Duda Farm Fresh moves into new fresh-cut facility

May 16, 2008

Duda Farm Fresh Foods has been growing, packing and shipping celery for more than 80 years, but as the demands of retail customers changed, the company branched out into fresh-cut celery products with them.

“Convenience is king,” said Greg Tirado, plant manager of Duda’s new processing facility in Oxnard, Calif.

The new plant Tirado manages opened March 24, but it’s been in the works for a few years. Tirado accepted the job as plant manager two years ago, after hearing about plans for the new facility and getting excited about building a fresh-cut operation from the ground up.

Duda Farm Fresh Foods, a subsidiary of DUDA, operates facilities in California, Florida, Texas, Arizona and Michigan. The new California plant consolidates all of Duda’s southern California operations into one facility. The new plant was built in partnership with Western Precooling Systems Inc., which handles the storage and cooling of Duda’s raw product and field-pack celery.

Duda’s Oxnard facility covers 65,000 square feet, with about 40,000 square feet devoted to processing lines, 23,000 to cooling and storage and the rest for support equipment. The old plant had only 12,000 square feet of processing space – and more than tripling the space will allow an immediate increase in volume and give the company room to grow.

The Oxnard plant operates two celery stick lines (one more line than at the old facility), one diced celery line and one limited or industrial processing line. There’s space for one more line that might be used for other value-added products in the future. Even with the added capacity, there hasn’t been a need to increase the workforce, Tirado said.

“We have not changed our workforce yet, but we have increased the capacity.”

The plant employs 85 people year round, but increases that to 115 employees during the two peak seasons: Early April when celery is coming in from Florida and during the holidays. The plant operates on two shifts, six days a week, 52 weeks a year; the building was designed to handle the spikes in volume.

“That’s what we want to target with our expanded capacity,” Tirado said.

Before the expansion, Duda was processing about 1.5 million pounds of celery a week during the peak times. About 650,000 pounds was industrial or limited processing and 800,000 pounds was fresh-cuts.

“That will double immediately with the addition of the second stick line,” Tirado said.

The added capacity will give Duda’s organic celery sticks room to expand. Organic celery is processed first, but with the second line the conventional celery doesn’t get held up. Organic celery sticks don’t make up a large percentage of Duda sales, but there is increased demand for them.

“It’s a growing segment,” Tirado said. “We’re just establishing what we can do with organics.”

In addition to adding another line, Duda added equipment that will increase the quality of its celery sticks. The line now uses a water jet to cut the celery sticks to size, which gives a smoother cut compared to metal blades and creates a physiological wound-healing process in the plant tissue that seals in water that would otherwise be lost, causing the sticks to whiten and lose firmness. The water jet uses high-pressure potable water at 40,000 pounds per square inch of pressure, and while it’s not a new technology, the Duda plant is one of – if not the only – application in fresh-cut produce.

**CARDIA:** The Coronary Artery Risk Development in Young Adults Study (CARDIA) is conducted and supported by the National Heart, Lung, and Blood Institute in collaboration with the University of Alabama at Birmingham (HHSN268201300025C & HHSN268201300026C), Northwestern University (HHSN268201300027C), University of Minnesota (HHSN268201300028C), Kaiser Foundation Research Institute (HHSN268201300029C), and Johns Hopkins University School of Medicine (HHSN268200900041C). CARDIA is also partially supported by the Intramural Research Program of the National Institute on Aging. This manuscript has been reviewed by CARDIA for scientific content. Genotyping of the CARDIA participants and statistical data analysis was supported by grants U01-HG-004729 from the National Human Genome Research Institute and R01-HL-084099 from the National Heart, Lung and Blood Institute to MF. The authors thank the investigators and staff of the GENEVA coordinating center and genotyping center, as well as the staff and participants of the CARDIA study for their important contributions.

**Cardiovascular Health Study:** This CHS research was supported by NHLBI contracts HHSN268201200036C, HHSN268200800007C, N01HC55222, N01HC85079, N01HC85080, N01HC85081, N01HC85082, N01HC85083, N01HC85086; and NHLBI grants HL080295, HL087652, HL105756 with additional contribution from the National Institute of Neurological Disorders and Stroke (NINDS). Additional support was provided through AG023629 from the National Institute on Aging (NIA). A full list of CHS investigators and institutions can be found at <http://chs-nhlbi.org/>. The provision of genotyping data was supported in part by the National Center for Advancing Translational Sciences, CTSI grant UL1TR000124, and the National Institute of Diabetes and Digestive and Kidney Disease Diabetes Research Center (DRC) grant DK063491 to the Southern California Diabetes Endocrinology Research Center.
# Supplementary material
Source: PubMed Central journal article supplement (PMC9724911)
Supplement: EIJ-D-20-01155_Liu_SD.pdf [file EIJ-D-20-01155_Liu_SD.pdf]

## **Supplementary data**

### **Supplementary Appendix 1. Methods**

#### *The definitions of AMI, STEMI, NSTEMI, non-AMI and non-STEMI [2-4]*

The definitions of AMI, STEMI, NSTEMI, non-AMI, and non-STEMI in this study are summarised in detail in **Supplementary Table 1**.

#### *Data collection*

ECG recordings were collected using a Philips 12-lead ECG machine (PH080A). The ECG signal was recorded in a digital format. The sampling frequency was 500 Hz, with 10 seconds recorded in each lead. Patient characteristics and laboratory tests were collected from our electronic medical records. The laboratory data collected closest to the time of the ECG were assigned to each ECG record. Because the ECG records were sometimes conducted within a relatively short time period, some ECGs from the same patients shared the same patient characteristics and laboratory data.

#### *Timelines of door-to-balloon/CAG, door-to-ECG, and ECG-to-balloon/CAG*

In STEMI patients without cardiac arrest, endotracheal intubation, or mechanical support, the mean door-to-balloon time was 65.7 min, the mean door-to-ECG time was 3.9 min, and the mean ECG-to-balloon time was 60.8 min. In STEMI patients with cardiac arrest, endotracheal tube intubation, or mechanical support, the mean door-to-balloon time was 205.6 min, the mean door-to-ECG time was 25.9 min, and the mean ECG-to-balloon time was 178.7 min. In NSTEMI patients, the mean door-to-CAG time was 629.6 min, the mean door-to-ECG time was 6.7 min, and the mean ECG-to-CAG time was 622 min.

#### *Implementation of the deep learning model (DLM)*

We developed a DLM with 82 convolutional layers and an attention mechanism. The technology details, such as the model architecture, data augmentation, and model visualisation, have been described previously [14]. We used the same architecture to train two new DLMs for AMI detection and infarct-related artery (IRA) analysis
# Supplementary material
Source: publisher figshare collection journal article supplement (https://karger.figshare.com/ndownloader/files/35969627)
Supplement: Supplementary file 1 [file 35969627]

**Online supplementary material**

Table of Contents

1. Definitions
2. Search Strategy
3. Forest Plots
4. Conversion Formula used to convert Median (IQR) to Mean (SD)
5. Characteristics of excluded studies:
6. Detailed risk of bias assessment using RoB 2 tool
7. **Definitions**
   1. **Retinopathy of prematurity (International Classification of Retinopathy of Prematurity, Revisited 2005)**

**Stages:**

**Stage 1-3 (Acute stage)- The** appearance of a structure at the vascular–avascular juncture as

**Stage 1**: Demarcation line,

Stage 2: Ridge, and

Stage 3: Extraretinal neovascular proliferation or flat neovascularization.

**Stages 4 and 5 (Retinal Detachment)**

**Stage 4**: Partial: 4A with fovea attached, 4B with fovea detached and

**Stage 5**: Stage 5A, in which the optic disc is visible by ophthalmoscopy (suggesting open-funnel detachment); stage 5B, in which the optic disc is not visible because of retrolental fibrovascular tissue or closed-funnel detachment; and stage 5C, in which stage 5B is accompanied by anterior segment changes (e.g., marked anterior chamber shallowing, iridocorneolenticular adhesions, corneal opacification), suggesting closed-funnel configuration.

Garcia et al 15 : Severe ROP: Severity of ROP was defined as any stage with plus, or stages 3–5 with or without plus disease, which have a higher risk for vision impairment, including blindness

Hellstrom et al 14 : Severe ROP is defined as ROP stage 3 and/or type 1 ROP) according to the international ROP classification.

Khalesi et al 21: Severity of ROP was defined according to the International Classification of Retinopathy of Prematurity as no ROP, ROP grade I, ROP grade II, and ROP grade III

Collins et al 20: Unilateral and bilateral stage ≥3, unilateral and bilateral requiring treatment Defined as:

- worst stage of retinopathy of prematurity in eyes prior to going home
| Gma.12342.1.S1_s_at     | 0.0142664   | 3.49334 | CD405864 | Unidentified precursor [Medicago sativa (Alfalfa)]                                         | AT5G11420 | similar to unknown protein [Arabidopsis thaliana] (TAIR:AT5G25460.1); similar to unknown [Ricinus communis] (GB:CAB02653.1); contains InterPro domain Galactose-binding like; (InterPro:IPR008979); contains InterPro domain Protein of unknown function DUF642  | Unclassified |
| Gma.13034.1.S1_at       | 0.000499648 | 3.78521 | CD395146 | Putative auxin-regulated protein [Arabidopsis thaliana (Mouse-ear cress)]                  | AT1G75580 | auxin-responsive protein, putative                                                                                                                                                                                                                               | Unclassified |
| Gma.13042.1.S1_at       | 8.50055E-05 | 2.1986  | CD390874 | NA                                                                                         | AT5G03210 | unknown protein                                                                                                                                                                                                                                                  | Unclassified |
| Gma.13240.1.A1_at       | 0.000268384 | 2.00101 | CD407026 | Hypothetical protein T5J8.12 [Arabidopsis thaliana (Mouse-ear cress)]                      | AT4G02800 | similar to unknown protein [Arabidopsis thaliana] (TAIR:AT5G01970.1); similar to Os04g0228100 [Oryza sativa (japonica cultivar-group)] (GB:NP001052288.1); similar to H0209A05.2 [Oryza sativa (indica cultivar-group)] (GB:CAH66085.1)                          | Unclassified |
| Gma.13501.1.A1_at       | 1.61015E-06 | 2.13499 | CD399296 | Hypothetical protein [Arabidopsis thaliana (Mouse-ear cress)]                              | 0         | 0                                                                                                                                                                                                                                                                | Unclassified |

Starting from scratch and designing the building from the ground up also allowed Duda to build food-safety measures. The workflow of the plant controls product movement so that raw and finished products never contact each other and temperatures can be monitored more efficiently. Even the cardboard cartons are stored in a separate area, limiting the amount of dust and debris that could come into contact with the celery.
“Food safety’s become a way of life, and it should be,” Tirado said.

The waste system at the plant was also designed to be more efficient. The plant uses municipal water – which can be an issue when dealing with municipalities, especially those in California – so its design takes into account the monitoring and testing needs of the water quality personnel. Instead of various safeguards that were installed at the old plant, the new facility has a streamlined system that allows for easier monitoring. Solid waste re-use was upgraded during the move as well. Celery byproduct from the fresh-cut lines that is still usable is collected from the processing line, washed and sent for further processing to the dice line or industrial lines. Waste that can’t be re-used is collected and sent to a cattle company as feed. The goal of any produce plant is to use every portion of the raw product to reduce waste, Tirado said.

Other issues, such as employee movement and work stations, could also be designed for easy monitoring and efficiency. The facility’s workflow generally allows product and people to move in a more food-safe manner, Tirado said.

Added security measures meet Department of Homeland Security guidelines, including controlled access points inside and around the grounds. There are 32 cameras in and around the plant that monitor what’s going on 24 hours a day.

Getting into the new space put a few more gray hairs on his head, Tirado said. The move-in date kept getting pushed back due to delays in the construction, with one of the peak seasons rapidly approaching. The setbacks weren’t major, just normal inspection and approval delays, the construction company told Tirado.

The transition ended up going smoothly, due in part to the move happening over Easter weekend, when the plant was scheduled to be closed anyway. Once everything was in place, production ramped up quickly, with few problems.

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